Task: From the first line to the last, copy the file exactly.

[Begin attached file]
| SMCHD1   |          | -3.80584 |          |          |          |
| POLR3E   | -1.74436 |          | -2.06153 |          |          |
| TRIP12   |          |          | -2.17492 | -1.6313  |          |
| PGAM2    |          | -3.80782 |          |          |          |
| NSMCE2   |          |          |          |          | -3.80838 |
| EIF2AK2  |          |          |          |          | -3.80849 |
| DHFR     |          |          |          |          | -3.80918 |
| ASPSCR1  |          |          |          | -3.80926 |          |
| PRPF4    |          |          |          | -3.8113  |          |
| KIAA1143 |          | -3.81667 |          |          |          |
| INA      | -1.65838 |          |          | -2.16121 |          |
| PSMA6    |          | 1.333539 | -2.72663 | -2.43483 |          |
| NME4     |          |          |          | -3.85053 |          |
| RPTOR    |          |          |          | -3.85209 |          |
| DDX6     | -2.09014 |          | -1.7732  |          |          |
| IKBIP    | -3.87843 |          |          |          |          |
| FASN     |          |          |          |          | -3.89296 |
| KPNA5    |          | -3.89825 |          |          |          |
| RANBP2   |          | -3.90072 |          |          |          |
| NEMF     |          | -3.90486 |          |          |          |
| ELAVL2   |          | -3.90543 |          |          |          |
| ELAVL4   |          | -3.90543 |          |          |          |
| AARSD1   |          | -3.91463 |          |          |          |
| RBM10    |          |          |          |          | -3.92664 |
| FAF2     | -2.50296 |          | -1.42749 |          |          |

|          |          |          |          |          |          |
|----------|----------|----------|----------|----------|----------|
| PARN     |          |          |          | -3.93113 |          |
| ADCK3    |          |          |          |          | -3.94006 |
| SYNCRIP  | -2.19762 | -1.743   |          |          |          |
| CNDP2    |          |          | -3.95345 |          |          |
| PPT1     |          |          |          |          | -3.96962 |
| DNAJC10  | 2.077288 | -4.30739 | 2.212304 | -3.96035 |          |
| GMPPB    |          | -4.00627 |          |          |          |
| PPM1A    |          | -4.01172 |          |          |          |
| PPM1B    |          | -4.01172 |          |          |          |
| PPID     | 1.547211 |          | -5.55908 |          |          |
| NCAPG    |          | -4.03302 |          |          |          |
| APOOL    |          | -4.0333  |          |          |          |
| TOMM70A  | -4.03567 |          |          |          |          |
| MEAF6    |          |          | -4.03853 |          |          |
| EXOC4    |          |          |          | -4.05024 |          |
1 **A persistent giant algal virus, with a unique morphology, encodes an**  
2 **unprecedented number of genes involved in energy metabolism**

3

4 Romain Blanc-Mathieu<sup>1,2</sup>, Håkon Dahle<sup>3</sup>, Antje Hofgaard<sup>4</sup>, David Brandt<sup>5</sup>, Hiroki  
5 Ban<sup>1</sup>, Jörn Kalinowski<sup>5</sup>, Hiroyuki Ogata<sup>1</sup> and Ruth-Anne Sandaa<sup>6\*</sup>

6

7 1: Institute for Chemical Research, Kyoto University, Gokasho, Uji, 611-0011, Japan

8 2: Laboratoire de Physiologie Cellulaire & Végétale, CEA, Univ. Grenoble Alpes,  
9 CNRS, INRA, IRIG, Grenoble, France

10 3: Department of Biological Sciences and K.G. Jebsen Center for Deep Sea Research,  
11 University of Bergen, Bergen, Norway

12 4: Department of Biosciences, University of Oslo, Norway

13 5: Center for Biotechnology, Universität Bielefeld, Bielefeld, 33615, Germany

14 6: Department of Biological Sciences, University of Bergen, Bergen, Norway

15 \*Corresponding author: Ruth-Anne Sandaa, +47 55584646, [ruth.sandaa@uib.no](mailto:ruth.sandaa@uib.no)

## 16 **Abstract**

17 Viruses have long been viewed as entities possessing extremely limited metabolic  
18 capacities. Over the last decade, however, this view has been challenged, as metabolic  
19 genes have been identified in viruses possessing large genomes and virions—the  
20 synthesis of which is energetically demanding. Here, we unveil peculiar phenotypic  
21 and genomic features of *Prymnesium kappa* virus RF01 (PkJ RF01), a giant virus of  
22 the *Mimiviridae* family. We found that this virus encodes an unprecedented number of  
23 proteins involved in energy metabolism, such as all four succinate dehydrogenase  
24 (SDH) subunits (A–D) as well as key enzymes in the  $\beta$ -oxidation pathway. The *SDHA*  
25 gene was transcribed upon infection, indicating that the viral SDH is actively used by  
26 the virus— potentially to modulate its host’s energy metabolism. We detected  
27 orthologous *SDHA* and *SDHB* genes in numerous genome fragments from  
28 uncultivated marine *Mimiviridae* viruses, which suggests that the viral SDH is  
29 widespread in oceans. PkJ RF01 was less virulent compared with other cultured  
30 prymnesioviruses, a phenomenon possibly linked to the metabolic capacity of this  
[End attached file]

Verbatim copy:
| SMCHD1   |          | -3.80584 |          |          |          |
| POLR3E   | -1.74436 |          | -2.06153 |          |          |
| TRIP12   |          |          | -2.17492 | -1.6313  |          |
| PGAM2    |          | -3.80782 |          |          |          |
| NSMCE2   |          |          |          |          | -3.80838 |
| EIF2AK2  |          |          |          |          | -3.80849 |
| DHFR     |          |          |          |          | -3.80918 |
| ASPSCR1  |          |          |          | -3.80926 |          |
| PRPF4    |          |          |          | -3.8113  |          |
| KIAA1143 |          | -3.81667 |          |          |          |
| INA      | -1.65838 |          |          | -2.16121 |          |
| PSMA6    |          | 1.333539 | -2.72663 | -2.43483 |          |
| NME4     |          |          |          | -3.85053 |          |
| RPTOR    |          |          |          | -3.85209 |          |
| DDX6     | -2.09014 |          | -1.7732  |          |          |
| IKBIP    | -3.87843 |          |          |          |          |
| FASN     |          |          |          |          | -3.89296 |
| KPNA5    |          | -3.89825 |          |          |          |
| RANBP2   |          | -3.90072 |          |          |          |
| NEMF     |          | -3.90486 |          |          |          |
| ELAVL2   |          | -3.90543 |          |          |          |
| ELAVL4   |          | -3.90543 |          |          |          |
| AARSD1   |          | -3.91463 |          |          |          |
| RBM10    |          |          |          |          | -3.92664 |
| FAF2     | -2.50296 |          | -1.42749 |          |          |

|          |          |          |          |          |          |
|----------|----------|----------|----------|----------|----------|
| PARN     |          |          |          | -3.93113 |          |
| ADCK3    |          |          |          |          | -3.94006 |
| SYNCRIP  | -2.19762 | -1.743   |          |          |          |
| CNDP2    |          |          | -3.95345 |          |          |
| PPT1     |          |          |          |          | -3.96962 |
| DNAJC10  | 2.077288 | -4.30739 | 2.212304 | -3.96035 |          |
| GMPPB    |          | -4.00627 |          |          |          |
| PPM1A    |          | -4.01172 |          |          |          |
| PPM1B    |          | -4.01172 |          |          |          |
| PPID     | 1.547211 |          | -5.55908 |          |          |
| NCAPG    |          | -4.03302 |          |          |          |
| APOOL    |          | -4.0333  |          |          |          |
| TOMM70A  | -4.03567 |          |          |          |          |
| MEAF6    |          |          | -4.03853 |          |          |
| EXOC4    |          |          |          | -4.05024 |          |
1 **A persistent giant algal virus, with a unique morphology, encodes an**  
2 **unprecedented number of genes involved in energy metabolism**

3

4 Romain Blanc-Mathieu<sup>1,2</sup>, Håkon Dahle<sup>3</sup>, Antje Hofgaard<sup>4</sup>, David Brandt<sup>5</sup>, Hiroki  
5 Ban<sup>1</sup>, Jörn Kalinowski<sup>5</sup>, Hiroyuki Ogata<sup>1</sup> and Ruth-Anne Sandaa<sup>6\*</sup>

6

7 1: Institute for Chemical Research, Kyoto University, Gokasho, Uji, 611-0011, Japan

8 2: Laboratoire de Physiologie Cellulaire & Végétale, CEA, Univ. Grenoble Alpes,  
9 CNRS, INRA, IRIG, Grenoble, France

10 3: Department of Biological Sciences and K.G. Jebsen Center for Deep Sea Research,  
11 University of Bergen, Bergen, Norway

12 4: Department of Biosciences, University of Oslo, Norway

13 5: Center for Biotechnology, Universität Bielefeld, Bielefeld, 33615, Germany

14 6: Department of Biological Sciences, University of Bergen, Bergen, Norway

15 \*Corresponding author: Ruth-Anne Sandaa, +47 55584646, [ruth.sandaa@uib.no](mailto:ruth.sandaa@uib.no)

## 16 **Abstract**

17 Viruses have long been viewed as entities possessing extremely limited metabolic  
18 capacities. Over the last decade, however, this view has been challenged, as metabolic  
19 genes have been identified in viruses possessing large genomes and virions—the  
20 synthesis of which is energetically demanding. Here, we unveil peculiar phenotypic  
21 and genomic features of *Prymnesium kappa* virus RF01 (PkJ RF01), a giant virus of  
22 the *Mimiviridae* family. We found that this virus encodes an unprecedented number of  
23 proteins involved in energy metabolism, such as all four succinate dehydrogenase  
24 (SDH) subunits (A–D) as well as key enzymes in the  $\beta$ -oxidation pathway. The *SDHA*  
25 gene was transcribed upon infection, indicating that the viral SDH is actively used by  
26 the virus— potentially to modulate its host’s energy metabolism. We detected  
27 orthologous *SDHA* and *SDHB* genes in numerous genome fragments from  
28 uncultivated marine *Mimiviridae* viruses, which suggests that the viral SDH is  
29 widespread in oceans. PkJ RF01 was less virulent compared with other cultured  
30 prymnesioviruses, a phenomenon possibly linked to the metabolic capacity of this  